NEW YORK CITY: Kát’a Kabanová
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In Review > North America

Kát’a Kabanová

Juilliard Opera

In Review Juilliard Kata lg 717
Samantha Hankey and Felicia Moore in Juilliard’s Kát’a
© Hiroyuki Ito

JUILLIARD OPERA regularly offers such excellent work that its partially successful Kát’a Kabanová (seen April 21) proved somewhat disappointing, especially given the splendid work both conductor Anne Manson and stage director Stephen Wadsworth have accomplished there before. Janáček’s libretto is constructed around thematically salient dichotomies of indoor/outdoor and public/private. Wadsworth chose to blur these, having the river-evoking prelude open inside the Kabanov house, with all the leading characters looking mournfully at the audience. Later, the town’s two oppressive older figures (Kabanicha and Dikoj) trailed through the lovers’ outdoor idyll undetected; the former was orally serviced by the latter in gratuitous mime far more sensual than anything afforded to Kát’a and Boris, whose duet at least suggests a passion that was not registered in the staging or in the orchestra pit. Kabanicha’s post-coital shame and crying in a downstage corner stole the spotlight. Perhaps the intention was to show how interpenetrated the whole atmosphere was by the elders’ bullying and hypocrisy, but an audience member who did not know the opera would surely have been confused by its spatial presentation here.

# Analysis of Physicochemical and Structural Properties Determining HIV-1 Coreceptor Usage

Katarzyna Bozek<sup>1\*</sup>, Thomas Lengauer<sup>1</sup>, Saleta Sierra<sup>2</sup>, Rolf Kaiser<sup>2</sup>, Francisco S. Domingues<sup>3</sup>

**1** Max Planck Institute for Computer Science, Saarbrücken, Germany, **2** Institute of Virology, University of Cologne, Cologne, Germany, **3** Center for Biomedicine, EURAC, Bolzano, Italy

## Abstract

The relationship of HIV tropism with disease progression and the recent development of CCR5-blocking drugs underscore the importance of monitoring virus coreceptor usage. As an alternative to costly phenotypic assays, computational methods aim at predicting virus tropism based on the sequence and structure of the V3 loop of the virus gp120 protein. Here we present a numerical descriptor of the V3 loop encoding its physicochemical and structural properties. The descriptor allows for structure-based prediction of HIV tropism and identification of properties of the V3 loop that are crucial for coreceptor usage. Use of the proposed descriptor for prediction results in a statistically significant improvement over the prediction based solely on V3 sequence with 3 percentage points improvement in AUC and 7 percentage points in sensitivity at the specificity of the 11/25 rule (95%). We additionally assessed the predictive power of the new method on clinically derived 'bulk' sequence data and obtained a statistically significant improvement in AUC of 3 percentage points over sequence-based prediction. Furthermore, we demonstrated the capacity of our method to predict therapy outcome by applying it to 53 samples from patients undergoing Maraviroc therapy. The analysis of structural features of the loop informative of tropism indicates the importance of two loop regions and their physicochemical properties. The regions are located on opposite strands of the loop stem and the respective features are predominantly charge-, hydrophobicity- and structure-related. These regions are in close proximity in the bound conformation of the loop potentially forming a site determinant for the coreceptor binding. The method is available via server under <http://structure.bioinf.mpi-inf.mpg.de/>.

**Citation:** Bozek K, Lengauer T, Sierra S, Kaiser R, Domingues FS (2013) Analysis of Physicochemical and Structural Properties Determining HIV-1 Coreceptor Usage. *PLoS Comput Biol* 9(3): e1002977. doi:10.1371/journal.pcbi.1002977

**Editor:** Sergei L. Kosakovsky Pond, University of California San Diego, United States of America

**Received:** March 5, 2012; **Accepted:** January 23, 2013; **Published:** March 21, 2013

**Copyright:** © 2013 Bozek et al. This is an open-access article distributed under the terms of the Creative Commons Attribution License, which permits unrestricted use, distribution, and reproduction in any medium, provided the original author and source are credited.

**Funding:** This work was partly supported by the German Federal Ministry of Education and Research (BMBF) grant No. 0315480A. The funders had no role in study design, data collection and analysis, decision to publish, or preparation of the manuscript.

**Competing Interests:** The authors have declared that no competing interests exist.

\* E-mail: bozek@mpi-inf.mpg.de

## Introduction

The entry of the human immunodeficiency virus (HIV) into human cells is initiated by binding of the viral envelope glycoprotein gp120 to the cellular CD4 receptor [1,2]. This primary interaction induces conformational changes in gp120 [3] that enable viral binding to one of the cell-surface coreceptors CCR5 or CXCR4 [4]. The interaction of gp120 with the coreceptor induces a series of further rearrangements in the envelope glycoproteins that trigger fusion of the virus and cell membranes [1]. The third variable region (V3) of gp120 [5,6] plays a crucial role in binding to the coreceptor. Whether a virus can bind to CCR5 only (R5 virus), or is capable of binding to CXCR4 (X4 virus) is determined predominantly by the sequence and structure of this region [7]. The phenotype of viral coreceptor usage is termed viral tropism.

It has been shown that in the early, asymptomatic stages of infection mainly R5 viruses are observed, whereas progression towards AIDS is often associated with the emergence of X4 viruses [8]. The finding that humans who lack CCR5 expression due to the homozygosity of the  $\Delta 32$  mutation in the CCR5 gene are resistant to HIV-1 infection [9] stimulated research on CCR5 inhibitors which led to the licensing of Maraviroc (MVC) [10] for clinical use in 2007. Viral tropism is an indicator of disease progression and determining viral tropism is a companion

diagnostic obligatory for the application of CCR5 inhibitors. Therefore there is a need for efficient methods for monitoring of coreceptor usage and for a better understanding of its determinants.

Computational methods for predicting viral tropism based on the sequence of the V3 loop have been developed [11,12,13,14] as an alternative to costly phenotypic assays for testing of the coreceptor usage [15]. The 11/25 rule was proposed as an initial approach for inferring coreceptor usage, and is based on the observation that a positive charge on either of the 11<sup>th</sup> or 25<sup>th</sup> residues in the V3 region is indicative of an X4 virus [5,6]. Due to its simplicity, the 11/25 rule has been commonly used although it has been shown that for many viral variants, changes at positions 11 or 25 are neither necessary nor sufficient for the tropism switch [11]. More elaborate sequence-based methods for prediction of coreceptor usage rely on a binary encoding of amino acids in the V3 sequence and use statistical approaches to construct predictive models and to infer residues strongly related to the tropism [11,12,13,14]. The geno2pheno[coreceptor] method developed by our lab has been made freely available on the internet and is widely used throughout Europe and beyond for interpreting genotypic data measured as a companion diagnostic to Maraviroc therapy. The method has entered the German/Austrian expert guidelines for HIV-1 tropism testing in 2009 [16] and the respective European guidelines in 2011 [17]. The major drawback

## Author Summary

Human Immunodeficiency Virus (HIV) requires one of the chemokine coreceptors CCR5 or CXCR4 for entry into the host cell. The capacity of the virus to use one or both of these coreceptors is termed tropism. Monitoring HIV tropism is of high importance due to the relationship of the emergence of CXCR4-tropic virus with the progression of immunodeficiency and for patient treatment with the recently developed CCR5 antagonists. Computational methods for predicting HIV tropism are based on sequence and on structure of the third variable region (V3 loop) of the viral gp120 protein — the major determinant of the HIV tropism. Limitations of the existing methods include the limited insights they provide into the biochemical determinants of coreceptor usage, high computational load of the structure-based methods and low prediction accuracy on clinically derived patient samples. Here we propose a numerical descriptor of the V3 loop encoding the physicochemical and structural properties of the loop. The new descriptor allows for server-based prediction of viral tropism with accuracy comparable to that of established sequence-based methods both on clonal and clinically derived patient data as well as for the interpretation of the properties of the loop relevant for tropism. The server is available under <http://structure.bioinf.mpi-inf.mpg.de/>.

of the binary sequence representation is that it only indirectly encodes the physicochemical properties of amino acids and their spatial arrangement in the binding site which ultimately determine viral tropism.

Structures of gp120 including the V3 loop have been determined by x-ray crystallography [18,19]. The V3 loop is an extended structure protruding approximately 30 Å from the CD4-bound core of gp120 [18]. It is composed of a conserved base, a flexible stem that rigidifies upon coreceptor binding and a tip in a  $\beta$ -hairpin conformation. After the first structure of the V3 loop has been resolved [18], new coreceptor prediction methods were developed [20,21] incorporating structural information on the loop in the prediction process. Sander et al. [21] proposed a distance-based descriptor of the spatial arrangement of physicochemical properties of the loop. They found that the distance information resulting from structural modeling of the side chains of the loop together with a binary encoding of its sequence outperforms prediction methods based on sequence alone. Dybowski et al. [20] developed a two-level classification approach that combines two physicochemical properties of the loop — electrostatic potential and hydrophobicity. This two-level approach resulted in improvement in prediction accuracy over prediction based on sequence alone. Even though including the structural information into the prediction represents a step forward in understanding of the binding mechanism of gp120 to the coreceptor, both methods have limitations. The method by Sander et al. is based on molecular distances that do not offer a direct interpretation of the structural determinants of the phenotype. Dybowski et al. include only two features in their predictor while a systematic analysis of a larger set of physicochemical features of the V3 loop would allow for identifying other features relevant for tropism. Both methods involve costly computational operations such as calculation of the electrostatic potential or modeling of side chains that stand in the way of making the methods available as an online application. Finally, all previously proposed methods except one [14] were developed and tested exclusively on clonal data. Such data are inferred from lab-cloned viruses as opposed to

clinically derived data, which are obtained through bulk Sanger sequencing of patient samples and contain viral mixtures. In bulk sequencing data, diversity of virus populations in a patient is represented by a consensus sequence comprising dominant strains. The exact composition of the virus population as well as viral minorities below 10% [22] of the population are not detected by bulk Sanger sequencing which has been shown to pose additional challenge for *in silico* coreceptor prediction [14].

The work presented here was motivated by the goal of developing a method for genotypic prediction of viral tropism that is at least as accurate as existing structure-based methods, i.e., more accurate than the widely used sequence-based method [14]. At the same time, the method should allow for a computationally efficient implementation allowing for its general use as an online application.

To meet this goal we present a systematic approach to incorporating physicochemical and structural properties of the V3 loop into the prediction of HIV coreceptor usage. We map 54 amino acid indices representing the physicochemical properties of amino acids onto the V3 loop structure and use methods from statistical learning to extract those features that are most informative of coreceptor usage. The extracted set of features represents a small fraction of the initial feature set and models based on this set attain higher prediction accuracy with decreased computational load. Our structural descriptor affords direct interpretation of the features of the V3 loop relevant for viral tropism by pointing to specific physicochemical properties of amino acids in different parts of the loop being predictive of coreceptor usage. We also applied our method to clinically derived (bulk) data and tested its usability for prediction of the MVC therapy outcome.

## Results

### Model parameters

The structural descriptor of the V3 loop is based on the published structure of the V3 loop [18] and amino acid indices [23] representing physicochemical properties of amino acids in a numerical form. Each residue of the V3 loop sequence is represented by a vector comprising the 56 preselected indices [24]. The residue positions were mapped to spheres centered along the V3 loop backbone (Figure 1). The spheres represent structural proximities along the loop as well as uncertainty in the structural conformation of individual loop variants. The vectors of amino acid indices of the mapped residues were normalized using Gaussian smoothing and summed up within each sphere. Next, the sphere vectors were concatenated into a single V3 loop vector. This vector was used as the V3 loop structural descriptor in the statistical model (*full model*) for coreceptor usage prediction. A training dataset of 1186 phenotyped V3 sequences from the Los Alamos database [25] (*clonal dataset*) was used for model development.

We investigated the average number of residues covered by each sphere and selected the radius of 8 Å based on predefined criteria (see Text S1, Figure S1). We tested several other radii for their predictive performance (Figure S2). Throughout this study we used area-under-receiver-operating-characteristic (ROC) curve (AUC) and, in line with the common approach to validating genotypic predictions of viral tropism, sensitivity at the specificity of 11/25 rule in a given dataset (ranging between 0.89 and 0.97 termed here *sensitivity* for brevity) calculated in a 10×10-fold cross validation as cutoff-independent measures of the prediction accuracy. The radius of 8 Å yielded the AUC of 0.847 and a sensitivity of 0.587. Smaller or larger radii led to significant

Act III worked best in supplying the needed sense of outdoor space, with Kát’a pushed up toward the flyspace in her “defiled” marital bed by a unit evoking the ruined chapel and the bed hovering scarily over her quasi-mad scene, set off by dry ice. In the farewell scene, Boris was real, rather than a phantom, and, in one of Wadsworth’s several strikingly apt images, he and Kát’a bade adieu jointly holding the bed’s blanket. The Volga (well voiced by the Rigoletto-influenced offstage chorus) was a mere stage trough. The mourning Tichon’s rejection (but final embrace) of his dominant mother was another characteristically insightful directorial touch. But sometimes such insight was lacking, as when Kát’a’s entrance music (explicitly modeled on Cio-Cio-San’s) ushered in first Varvara and then Kabanicha, with the heroine almost an afterthought. Vita Tzykun’s apt costumes and Nicole Pearce’s keen lighting proved the key elements in a handsome production. Manson’s orchestra suffered a lot of opening-night jitters, with brass flubs and muddy string playing. Her reading was persuasive rhythmically—no small achievement—but was les successful in providing expressive atmosphere.

Felicia Moore unfurled a striking instrument as Kát’a, using a pronounced vibrato to cut through the orchestra but retaining pure sound on sustained phrases. She moved well and proved a skilled vocal actress, layering the character’s temptation and guilt. Wadsworth directed Sara Couden bizarrely as Kabanicha: the character faced the audience, declaiming impassively. It’s a tough assignment for a young singer, and here the contralto inhabited neither the words nor the tricky vocal line convincingly. Samantha Hankey, recently the company’s phenomenal Agrippina, excelled at Varvara’s totally different challenges. 

The work’s three tenor parts were uncommonly well served, with excellent diction. Gerard Schneider proved a near-ideal Boris, with warm, ardent sound. Miles Mykkanen drew a complex Tichon, in ductile lines rather than the usual screaming. Sam Levine’s engaging Kudrjáš sounded solid but rather strained on high phrases. Alex Rosen created a credibly violent, resonant Dikoj. Xiaomeng Zhang showed a smoothly produced baritone as Kuligin.  

Using an English translation was wise, though the cast hadn’t unified their pronunciation of names. (For example, we heard “TEE-shon” and the correct “TEE-chon.”)  —David Shengold 

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